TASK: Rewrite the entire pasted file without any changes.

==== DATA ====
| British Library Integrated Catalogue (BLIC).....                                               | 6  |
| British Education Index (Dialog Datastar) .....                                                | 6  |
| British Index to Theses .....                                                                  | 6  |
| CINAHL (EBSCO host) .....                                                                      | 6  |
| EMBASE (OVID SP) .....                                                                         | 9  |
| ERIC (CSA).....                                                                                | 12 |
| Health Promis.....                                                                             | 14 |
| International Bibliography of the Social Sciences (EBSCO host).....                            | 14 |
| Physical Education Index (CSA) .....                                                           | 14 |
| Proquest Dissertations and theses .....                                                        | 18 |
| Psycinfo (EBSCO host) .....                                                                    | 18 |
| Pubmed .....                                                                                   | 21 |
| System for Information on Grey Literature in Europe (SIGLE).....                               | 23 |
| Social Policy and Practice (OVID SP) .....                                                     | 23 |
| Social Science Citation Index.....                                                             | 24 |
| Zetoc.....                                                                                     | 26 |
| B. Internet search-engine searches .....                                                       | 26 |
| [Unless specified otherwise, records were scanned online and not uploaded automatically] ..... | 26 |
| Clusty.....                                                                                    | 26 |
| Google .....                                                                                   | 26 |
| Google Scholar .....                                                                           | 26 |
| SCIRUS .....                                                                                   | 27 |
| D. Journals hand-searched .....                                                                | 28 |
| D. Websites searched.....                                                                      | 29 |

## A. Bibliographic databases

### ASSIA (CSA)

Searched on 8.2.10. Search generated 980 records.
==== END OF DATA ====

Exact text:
| British Library Integrated Catalogue (BLIC).....                                               | 6  |
| British Education Index (Dialog Datastar) .....                                                | 6  |
| British Index to Theses .....                                                                  | 6  |
| CINAHL (EBSCO host) .....                                                                      | 6  |
| EMBASE (OVID SP) .....                                                                         | 9  |
| ERIC (CSA).....                                                                                | 12 |
| Health Promis.....                                                                             | 14 |
| International Bibliography of the Social Sciences (EBSCO host).....                            | 14 |
| Physical Education Index (CSA) .....                                                           | 14 |
| Proquest Dissertations and theses .....                                                        | 18 |
| Psycinfo (EBSCO host) .....                                                                    | 18 |
| Pubmed .....                                                                                   | 21 |
| System for Information on Grey Literature in Europe (SIGLE).....                               | 23 |
| Social Policy and Practice (OVID SP) .....                                                     | 23 |
| Social Science Citation Index.....                                                             | 24 |
| Zetoc.....                                                                                     | 26 |
| B. Internet search-engine searches .....                                                       | 26 |
| [Unless specified otherwise, records were scanned online and not uploaded automatically] ..... | 26 |
| Clusty.....                                                                                    | 26 |
| Google .....                                                                                   | 26 |
| Google Scholar .....                                                                           | 26 |
| SCIRUS .....                                                                                   | 27 |
| D. Journals hand-searched .....                                                                | 28 |
| D. Websites searched.....                                                                      | 29 |

## A. Bibliographic databases

### ASSIA (CSA)

Searched on 8.2.10. Search generated 980 records.